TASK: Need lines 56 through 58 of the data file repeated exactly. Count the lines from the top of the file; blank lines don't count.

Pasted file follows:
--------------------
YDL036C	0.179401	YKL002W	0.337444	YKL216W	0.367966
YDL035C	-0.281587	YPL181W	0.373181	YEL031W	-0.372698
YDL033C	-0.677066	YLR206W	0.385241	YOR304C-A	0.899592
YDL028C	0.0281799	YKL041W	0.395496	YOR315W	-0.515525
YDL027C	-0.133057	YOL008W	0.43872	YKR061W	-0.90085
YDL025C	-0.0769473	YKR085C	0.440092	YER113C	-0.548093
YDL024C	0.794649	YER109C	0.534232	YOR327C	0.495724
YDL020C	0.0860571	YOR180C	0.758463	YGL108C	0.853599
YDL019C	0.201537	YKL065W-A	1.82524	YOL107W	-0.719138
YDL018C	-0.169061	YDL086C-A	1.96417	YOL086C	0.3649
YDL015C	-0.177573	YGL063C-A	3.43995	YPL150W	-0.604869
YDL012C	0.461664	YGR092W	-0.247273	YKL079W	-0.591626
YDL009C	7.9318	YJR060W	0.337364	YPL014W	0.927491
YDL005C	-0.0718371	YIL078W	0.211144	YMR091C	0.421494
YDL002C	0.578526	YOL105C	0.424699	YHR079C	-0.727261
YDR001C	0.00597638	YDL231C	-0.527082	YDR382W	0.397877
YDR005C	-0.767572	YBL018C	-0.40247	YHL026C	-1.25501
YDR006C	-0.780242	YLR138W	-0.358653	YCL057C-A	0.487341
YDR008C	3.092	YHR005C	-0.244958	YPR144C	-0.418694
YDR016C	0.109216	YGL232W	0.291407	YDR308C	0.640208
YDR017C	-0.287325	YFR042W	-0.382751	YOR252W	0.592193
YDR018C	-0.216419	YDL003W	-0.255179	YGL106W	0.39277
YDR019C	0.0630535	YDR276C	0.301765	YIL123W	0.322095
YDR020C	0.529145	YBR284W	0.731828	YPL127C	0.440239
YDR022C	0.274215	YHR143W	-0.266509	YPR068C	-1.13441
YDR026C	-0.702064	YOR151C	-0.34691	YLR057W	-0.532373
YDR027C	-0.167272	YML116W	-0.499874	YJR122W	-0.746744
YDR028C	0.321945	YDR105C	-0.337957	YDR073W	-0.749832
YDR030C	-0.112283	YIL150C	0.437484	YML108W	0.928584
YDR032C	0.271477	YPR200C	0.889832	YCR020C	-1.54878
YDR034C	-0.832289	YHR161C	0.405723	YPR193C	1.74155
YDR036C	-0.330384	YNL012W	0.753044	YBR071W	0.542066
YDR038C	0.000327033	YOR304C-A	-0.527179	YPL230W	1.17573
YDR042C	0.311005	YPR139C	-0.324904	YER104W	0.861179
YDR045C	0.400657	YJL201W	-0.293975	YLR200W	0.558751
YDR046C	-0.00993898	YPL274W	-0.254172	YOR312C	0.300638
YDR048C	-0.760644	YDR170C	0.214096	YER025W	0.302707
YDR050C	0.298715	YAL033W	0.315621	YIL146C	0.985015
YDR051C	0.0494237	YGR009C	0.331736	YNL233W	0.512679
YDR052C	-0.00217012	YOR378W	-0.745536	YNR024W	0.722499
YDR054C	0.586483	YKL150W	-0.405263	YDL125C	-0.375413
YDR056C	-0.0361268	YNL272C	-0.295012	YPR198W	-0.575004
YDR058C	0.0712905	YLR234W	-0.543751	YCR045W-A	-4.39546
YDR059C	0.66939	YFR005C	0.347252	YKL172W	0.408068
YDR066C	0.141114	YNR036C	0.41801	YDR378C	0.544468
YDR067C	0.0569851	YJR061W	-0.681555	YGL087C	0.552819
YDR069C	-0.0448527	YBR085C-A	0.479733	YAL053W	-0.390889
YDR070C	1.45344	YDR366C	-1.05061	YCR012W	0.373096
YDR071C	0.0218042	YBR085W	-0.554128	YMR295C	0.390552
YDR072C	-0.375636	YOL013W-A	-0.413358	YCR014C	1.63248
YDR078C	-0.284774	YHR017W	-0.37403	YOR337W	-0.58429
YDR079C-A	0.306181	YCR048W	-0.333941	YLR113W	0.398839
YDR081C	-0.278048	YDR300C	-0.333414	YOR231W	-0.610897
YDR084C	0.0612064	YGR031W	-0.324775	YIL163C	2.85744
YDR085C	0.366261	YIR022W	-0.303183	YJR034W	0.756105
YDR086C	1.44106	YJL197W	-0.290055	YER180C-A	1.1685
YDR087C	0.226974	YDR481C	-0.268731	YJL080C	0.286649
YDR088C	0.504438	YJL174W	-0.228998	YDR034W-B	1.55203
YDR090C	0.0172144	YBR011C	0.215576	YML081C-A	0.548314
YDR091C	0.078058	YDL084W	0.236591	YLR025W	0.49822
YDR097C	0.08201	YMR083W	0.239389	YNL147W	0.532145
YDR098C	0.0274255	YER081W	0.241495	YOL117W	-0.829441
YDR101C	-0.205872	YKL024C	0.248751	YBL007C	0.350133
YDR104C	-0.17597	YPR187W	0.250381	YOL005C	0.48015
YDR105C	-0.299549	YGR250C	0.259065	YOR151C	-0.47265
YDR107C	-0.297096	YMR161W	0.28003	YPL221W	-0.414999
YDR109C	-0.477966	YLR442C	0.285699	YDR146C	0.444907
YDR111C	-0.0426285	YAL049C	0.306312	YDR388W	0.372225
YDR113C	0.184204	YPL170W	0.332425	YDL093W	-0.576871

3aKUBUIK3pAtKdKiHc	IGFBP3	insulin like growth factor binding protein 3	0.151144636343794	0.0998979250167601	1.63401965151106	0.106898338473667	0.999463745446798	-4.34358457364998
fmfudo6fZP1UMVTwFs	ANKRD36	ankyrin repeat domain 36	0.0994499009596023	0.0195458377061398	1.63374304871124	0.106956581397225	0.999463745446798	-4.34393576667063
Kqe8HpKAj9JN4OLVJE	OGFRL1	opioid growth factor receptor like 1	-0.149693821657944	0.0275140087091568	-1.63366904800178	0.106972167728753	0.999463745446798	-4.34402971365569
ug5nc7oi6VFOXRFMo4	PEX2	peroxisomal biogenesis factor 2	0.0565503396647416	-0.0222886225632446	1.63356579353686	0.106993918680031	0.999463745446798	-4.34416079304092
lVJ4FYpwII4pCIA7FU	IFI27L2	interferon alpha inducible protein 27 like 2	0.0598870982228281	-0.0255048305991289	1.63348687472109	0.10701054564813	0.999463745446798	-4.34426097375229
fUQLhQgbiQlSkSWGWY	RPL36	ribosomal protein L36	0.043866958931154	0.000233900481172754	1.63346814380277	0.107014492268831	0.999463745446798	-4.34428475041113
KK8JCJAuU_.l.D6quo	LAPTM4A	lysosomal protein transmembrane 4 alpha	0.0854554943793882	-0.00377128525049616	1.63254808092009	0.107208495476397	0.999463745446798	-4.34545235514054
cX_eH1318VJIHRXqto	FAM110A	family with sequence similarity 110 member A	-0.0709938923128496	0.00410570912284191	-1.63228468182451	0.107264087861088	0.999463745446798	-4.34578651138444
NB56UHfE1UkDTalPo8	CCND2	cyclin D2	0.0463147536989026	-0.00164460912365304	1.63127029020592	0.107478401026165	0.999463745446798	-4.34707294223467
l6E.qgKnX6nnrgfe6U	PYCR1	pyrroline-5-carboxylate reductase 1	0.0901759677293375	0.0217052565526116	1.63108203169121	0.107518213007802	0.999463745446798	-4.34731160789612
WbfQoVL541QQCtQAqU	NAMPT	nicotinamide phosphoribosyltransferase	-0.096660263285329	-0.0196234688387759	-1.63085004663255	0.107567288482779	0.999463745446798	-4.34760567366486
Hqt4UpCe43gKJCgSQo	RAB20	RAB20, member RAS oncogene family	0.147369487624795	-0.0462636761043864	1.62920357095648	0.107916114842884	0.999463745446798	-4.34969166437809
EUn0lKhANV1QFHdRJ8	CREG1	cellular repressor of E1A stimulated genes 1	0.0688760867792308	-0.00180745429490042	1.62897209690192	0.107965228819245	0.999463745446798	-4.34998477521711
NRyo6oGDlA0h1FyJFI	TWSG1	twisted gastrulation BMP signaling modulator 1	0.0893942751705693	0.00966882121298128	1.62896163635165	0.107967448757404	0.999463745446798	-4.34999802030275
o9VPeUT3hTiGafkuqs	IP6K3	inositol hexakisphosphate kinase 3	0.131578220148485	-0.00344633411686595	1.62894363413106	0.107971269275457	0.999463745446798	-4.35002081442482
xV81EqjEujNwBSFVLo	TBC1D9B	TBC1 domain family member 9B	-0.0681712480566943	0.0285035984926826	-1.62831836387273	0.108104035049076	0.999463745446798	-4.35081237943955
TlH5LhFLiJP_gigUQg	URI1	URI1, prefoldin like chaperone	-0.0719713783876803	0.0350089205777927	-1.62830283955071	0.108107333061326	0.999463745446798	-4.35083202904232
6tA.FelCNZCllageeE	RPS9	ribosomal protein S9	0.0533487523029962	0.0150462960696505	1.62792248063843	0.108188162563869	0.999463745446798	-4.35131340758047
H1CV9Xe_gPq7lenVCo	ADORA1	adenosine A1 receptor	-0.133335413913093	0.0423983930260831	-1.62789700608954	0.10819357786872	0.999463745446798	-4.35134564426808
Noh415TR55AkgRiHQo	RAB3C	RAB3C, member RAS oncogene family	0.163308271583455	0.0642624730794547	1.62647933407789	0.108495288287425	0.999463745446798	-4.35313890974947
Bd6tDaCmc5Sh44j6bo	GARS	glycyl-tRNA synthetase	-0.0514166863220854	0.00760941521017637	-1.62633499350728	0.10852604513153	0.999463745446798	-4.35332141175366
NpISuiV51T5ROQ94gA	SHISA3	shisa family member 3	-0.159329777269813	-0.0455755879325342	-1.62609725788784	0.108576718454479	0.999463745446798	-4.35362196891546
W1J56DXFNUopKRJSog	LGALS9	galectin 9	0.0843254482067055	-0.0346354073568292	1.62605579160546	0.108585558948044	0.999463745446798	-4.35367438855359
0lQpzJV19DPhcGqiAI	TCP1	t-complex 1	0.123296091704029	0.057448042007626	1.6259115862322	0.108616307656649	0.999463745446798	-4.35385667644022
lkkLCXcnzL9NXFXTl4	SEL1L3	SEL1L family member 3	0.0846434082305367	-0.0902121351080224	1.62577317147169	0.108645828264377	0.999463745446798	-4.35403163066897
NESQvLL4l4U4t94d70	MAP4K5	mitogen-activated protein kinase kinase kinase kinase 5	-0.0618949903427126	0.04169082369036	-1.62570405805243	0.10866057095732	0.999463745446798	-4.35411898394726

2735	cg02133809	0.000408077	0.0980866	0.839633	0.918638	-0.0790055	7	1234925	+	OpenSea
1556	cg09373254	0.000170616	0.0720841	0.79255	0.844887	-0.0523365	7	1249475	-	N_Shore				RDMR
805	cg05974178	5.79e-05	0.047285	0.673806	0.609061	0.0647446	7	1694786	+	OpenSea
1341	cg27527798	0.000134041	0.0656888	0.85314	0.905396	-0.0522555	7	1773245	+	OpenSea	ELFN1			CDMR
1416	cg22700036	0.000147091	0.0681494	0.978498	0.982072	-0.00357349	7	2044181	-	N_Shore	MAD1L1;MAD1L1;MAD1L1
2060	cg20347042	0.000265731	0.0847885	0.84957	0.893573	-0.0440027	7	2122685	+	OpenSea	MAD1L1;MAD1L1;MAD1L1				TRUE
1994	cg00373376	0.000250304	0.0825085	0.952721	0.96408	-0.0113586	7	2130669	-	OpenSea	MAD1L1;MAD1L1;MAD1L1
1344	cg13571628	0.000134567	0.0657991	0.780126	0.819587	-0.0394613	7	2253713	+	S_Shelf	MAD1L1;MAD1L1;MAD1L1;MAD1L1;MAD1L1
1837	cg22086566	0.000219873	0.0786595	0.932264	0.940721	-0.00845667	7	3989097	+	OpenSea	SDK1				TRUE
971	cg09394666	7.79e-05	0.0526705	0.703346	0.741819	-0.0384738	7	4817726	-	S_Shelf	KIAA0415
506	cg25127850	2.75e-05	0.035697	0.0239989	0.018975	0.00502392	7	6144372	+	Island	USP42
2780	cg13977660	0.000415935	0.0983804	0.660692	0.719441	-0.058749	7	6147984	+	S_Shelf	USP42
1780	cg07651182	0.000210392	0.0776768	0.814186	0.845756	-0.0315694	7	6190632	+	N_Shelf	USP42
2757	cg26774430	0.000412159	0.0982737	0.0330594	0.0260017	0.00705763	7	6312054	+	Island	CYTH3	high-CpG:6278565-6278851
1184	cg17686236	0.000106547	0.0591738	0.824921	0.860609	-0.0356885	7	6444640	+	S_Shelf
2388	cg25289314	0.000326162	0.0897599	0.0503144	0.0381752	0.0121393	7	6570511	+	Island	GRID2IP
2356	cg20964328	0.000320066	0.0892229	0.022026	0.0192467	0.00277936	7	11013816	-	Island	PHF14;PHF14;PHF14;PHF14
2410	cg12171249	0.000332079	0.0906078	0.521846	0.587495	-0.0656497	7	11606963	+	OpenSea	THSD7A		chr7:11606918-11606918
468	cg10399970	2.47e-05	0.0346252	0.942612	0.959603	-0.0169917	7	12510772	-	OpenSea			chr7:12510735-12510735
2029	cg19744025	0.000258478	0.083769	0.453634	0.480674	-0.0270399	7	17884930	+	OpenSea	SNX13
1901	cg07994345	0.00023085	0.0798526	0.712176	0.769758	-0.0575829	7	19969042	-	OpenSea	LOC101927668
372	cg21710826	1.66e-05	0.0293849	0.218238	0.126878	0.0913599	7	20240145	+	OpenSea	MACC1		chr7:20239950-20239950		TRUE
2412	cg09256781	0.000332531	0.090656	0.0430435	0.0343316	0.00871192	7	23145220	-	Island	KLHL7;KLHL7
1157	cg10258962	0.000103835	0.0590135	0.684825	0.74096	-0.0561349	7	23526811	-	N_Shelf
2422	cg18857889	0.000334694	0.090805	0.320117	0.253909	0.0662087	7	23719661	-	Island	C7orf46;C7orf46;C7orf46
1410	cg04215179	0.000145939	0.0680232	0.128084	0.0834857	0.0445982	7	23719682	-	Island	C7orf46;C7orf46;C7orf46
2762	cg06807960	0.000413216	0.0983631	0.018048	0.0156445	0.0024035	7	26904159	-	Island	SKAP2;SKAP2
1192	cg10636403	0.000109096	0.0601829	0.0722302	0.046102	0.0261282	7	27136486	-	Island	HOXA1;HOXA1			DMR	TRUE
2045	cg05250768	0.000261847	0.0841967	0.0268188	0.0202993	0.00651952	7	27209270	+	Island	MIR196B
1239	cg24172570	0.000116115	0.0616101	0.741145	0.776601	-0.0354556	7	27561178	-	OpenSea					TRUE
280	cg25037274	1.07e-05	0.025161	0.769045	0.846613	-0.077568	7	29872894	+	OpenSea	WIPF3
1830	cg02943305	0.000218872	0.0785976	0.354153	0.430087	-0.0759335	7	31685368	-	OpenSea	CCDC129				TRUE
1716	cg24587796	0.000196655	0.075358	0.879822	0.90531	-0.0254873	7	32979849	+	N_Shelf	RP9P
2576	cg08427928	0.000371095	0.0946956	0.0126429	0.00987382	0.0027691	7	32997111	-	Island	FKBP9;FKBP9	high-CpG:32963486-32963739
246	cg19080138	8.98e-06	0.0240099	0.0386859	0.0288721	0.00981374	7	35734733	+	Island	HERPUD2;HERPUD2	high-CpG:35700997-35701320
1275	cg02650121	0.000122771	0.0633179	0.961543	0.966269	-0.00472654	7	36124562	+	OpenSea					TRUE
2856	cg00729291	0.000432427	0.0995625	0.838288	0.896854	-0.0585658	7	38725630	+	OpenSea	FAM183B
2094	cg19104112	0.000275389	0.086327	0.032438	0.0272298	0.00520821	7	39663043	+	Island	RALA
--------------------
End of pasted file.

YDR086C	1.44106	YJL197W	-0.290055	YER180C-A	1.1685
YDR087C	0.226974	YDR481C	-0.268731	YJL080C	0.286649
YDR088C	0.504438	YJL174W	-0.228998	YDR034W-B	1.55203